Professor Julian Smith presented his recent The New England Journal of Medicine findings about aspirin and coronary artery bypass surgery at the European Association For Cardiothoracic Surgery (EACTS) Meeting in Barcelona last month.
Head of Department of Surgery at the School of Clinical Sciences at Monash Health, Professor Smith and his colleagues showed that patients who take aspirin before heart surgery are at no greater risk of bleeding or complications.
“Many patients with coronary artery disease are taking aspirin for primary or secondary prevention of myocardial infarction, stroke and death,” said Professor Smith.
“Aspirin taken at the time of coronary artery bypass surgery (CABG) creates a potential risk of excessive bleeding.”
“To date, there has been a lack of evidence as to whether or not aspirin should be ceased prior to CABG and traditionally most centres tended to withhold aspirin for 5 to 7 days in the lead up to CABG,” said Professor Smith.
The collaborative multi-centre international study (19 hospitals in five countries) was conducted to investigate whether stopping or continuing aspirin before CABG posed more risks or benefits.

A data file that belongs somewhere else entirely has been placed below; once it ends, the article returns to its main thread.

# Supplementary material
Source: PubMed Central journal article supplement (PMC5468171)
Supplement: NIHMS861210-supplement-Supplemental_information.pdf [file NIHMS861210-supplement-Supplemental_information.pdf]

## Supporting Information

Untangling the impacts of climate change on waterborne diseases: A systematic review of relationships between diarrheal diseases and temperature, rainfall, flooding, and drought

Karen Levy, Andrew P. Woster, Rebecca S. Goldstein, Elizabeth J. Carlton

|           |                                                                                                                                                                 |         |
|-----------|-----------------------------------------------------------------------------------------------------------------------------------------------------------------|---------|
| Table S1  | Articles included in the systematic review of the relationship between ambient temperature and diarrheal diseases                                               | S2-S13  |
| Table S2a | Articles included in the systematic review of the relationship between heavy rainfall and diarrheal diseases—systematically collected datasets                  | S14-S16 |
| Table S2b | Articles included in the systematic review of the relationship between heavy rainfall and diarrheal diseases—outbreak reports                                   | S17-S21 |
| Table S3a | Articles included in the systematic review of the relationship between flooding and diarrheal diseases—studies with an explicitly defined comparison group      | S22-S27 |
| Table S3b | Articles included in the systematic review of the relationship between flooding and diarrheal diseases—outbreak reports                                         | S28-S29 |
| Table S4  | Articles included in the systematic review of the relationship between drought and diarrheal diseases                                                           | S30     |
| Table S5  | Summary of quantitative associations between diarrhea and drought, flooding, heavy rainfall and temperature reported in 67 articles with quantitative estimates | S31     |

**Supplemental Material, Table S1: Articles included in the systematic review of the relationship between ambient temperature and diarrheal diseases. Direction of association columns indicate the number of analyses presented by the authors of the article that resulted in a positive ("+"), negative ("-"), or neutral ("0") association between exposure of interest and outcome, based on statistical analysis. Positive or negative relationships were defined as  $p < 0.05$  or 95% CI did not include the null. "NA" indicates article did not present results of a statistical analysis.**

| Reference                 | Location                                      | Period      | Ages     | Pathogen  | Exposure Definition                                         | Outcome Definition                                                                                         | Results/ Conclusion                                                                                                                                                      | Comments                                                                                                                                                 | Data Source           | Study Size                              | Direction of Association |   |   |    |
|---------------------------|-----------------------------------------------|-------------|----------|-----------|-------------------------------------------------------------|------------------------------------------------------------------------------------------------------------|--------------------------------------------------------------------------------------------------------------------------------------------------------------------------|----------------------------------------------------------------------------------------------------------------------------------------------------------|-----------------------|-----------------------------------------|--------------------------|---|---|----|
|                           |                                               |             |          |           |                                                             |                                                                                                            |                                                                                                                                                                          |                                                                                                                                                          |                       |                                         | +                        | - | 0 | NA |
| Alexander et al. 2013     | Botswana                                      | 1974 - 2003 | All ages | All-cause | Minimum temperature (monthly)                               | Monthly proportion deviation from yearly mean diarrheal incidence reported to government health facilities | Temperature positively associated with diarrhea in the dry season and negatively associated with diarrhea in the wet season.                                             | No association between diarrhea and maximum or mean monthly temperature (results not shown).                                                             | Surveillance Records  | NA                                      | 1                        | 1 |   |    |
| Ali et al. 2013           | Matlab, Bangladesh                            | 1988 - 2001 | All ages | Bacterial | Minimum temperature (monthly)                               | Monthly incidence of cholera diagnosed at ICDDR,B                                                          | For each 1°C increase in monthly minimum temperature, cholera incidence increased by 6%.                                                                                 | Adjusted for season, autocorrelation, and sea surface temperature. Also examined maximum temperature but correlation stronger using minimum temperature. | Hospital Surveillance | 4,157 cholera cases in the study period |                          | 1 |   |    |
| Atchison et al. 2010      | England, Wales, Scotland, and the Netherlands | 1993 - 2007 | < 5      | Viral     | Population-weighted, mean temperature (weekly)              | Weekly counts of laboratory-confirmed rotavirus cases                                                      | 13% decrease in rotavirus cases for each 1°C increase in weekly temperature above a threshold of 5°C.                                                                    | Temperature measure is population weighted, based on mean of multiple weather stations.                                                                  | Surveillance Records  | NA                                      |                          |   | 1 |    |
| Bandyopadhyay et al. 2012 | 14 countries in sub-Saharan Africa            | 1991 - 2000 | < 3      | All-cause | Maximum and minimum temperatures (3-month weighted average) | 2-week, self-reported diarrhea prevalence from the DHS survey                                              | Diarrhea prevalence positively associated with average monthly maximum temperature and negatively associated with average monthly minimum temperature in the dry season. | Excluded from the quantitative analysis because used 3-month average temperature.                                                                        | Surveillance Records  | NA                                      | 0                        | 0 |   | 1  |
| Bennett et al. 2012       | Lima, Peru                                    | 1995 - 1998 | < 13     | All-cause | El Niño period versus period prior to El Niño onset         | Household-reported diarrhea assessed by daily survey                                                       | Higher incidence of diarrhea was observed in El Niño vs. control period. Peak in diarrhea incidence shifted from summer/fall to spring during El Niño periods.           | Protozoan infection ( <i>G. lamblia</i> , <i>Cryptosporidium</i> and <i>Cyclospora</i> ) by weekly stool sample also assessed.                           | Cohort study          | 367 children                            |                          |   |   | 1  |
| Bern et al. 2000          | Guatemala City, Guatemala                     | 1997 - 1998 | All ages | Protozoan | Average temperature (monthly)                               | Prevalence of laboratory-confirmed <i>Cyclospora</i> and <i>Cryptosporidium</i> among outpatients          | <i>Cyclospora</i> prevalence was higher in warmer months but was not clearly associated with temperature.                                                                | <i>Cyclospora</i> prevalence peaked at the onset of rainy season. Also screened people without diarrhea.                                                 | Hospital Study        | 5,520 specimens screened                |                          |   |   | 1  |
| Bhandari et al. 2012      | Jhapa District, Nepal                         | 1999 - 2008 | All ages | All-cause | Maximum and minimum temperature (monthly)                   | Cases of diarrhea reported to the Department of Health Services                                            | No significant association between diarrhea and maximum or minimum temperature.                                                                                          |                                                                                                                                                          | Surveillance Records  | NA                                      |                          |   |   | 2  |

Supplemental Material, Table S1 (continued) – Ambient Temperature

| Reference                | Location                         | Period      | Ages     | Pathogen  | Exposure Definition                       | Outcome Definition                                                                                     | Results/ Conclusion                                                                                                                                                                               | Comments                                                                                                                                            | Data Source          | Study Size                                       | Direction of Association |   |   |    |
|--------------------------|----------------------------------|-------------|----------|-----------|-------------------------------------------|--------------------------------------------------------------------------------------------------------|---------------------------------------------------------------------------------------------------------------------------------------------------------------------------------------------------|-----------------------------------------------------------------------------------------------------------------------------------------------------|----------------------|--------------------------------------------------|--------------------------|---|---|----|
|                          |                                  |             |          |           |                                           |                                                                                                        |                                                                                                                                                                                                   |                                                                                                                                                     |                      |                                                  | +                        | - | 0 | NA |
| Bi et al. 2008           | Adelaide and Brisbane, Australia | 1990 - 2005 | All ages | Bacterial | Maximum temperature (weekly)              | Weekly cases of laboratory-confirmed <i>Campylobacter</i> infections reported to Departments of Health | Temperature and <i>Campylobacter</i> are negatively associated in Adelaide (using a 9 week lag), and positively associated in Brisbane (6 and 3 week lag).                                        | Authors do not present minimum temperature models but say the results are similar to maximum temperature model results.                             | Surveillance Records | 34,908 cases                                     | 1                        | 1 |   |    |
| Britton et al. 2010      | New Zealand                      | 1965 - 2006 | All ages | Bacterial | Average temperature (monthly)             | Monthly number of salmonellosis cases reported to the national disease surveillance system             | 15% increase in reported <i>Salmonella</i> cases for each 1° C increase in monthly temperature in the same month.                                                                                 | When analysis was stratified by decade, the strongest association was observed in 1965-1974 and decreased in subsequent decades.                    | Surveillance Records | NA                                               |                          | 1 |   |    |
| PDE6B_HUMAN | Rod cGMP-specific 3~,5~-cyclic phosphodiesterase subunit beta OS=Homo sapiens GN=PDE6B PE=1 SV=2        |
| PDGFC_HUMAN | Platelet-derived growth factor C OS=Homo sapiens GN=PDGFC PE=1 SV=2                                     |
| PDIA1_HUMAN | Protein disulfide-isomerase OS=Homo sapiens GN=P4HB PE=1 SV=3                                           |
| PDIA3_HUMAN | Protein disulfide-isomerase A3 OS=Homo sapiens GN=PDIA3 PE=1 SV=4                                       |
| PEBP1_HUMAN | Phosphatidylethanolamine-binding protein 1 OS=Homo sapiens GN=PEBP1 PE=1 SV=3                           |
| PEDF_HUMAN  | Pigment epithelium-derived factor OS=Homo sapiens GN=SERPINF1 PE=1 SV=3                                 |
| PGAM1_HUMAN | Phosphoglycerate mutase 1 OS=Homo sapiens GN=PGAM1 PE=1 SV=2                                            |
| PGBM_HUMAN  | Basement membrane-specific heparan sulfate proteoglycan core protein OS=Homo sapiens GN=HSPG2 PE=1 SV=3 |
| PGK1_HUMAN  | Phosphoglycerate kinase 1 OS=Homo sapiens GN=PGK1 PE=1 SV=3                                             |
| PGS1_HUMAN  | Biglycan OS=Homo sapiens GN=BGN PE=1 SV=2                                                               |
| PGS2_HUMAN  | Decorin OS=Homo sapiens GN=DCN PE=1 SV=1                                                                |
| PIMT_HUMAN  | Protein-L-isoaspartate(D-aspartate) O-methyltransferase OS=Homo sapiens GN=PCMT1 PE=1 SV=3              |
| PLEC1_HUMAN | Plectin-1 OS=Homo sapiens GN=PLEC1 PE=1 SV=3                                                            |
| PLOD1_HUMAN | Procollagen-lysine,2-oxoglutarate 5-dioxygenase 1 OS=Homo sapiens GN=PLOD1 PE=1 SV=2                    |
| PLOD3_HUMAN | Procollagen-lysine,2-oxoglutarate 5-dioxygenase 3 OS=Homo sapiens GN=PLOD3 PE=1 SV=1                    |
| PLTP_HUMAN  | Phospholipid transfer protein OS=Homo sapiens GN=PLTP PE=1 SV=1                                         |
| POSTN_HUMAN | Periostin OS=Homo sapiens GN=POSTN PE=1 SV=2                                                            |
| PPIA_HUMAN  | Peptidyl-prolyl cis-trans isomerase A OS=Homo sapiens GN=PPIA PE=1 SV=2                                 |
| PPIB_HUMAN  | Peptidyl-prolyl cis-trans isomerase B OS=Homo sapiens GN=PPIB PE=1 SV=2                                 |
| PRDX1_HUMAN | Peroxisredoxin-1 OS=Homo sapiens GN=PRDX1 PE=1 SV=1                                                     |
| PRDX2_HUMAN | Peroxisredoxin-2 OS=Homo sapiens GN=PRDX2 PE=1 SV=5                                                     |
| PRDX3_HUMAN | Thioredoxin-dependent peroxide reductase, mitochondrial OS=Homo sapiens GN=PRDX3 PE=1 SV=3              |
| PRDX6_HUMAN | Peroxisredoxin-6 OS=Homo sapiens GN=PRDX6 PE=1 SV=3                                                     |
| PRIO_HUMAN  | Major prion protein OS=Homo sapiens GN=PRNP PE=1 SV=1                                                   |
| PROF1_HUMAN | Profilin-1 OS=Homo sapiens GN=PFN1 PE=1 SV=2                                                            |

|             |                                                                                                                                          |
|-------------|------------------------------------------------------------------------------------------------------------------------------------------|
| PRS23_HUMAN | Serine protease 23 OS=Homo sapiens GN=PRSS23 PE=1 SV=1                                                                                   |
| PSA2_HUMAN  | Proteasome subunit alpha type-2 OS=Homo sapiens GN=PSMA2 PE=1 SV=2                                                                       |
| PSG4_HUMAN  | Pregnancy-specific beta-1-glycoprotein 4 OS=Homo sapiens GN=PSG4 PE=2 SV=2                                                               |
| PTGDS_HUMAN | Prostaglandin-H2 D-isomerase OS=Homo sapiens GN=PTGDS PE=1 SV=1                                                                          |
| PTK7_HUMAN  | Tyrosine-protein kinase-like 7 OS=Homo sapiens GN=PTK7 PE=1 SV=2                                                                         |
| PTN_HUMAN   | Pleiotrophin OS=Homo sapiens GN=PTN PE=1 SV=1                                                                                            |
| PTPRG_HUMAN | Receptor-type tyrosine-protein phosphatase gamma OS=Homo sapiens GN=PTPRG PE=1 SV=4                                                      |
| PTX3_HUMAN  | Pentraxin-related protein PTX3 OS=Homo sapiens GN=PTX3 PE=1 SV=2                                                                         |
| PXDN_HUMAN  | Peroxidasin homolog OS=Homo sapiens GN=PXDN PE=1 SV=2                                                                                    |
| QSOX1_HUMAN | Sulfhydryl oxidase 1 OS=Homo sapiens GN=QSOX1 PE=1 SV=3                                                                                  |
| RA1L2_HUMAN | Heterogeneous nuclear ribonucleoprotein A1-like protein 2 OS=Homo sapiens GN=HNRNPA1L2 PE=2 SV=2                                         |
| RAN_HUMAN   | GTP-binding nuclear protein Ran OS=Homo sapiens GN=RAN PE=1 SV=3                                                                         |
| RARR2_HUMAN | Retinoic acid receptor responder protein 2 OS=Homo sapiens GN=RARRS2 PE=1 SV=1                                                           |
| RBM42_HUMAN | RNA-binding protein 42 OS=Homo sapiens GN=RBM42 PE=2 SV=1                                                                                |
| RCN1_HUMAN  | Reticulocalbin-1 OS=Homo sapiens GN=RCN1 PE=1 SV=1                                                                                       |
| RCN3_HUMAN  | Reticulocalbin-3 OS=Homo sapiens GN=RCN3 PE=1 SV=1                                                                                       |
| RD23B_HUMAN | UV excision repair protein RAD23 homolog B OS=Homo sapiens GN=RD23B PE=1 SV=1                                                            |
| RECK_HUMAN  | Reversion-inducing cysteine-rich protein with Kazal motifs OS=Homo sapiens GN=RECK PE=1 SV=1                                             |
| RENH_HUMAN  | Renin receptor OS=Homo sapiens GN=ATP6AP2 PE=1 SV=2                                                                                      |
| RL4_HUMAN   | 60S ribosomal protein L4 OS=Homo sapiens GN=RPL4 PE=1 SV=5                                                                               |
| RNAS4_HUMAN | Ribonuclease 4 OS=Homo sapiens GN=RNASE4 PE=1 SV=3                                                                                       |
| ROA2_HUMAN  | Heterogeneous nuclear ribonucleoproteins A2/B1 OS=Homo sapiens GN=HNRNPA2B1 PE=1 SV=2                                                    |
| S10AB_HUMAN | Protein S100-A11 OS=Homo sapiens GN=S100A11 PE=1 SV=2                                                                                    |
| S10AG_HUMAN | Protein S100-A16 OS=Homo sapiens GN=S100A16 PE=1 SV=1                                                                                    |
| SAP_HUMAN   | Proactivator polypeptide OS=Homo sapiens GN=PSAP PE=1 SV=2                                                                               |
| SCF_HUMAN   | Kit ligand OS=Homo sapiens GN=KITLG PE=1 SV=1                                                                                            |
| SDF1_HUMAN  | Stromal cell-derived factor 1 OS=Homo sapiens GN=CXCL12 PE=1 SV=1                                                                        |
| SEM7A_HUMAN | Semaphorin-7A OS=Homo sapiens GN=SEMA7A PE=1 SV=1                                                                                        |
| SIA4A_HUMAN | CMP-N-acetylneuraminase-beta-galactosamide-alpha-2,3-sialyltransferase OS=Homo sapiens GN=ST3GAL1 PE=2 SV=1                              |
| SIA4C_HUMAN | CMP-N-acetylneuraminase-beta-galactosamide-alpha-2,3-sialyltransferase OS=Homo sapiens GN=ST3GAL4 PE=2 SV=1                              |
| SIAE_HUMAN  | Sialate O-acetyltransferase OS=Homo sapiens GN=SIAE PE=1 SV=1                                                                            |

The study, as part of the Aspirin and Tranexamic Acid for Coronary Artery Surgery (ATACAS) trial, randomly assigned 2100 patients scheduled for CABG and at risk for post-operative complications to receive aspirin or placebo and tranexamic acid or placebo.
Professor Smith said the patients were randomly assigned to receive 100mg of aspirin or a matched placebo preoperatively.
“The 100mg dose was deemed to have the strongest evidence of preventative efficacy (at least in nonsurgical settings) balanced against a low risk of bleeding complications.”
“The primary outcome measure was a composite of death and thrombotic complications (nonfatal myocardial infarction, stroke, pulmonary embolism, renal failure, or intestinal infarction) within 30 days following surgery,” said Professor Smith.
The researchers concluded for patients undergoing CABG that the administration of aspirin preoperatively neither lowered the risk of death or thrombotic complications nor raised the risk of bleeding compared with placebo.
“Significantly, our study shows for the first time that there is no reason to cease aspirin prior to CABG, although an important caveat to this recommendation is for patients with a pre-existing bleeding disorder or possessing other major risk factors for bleeding,” said Professor Smith.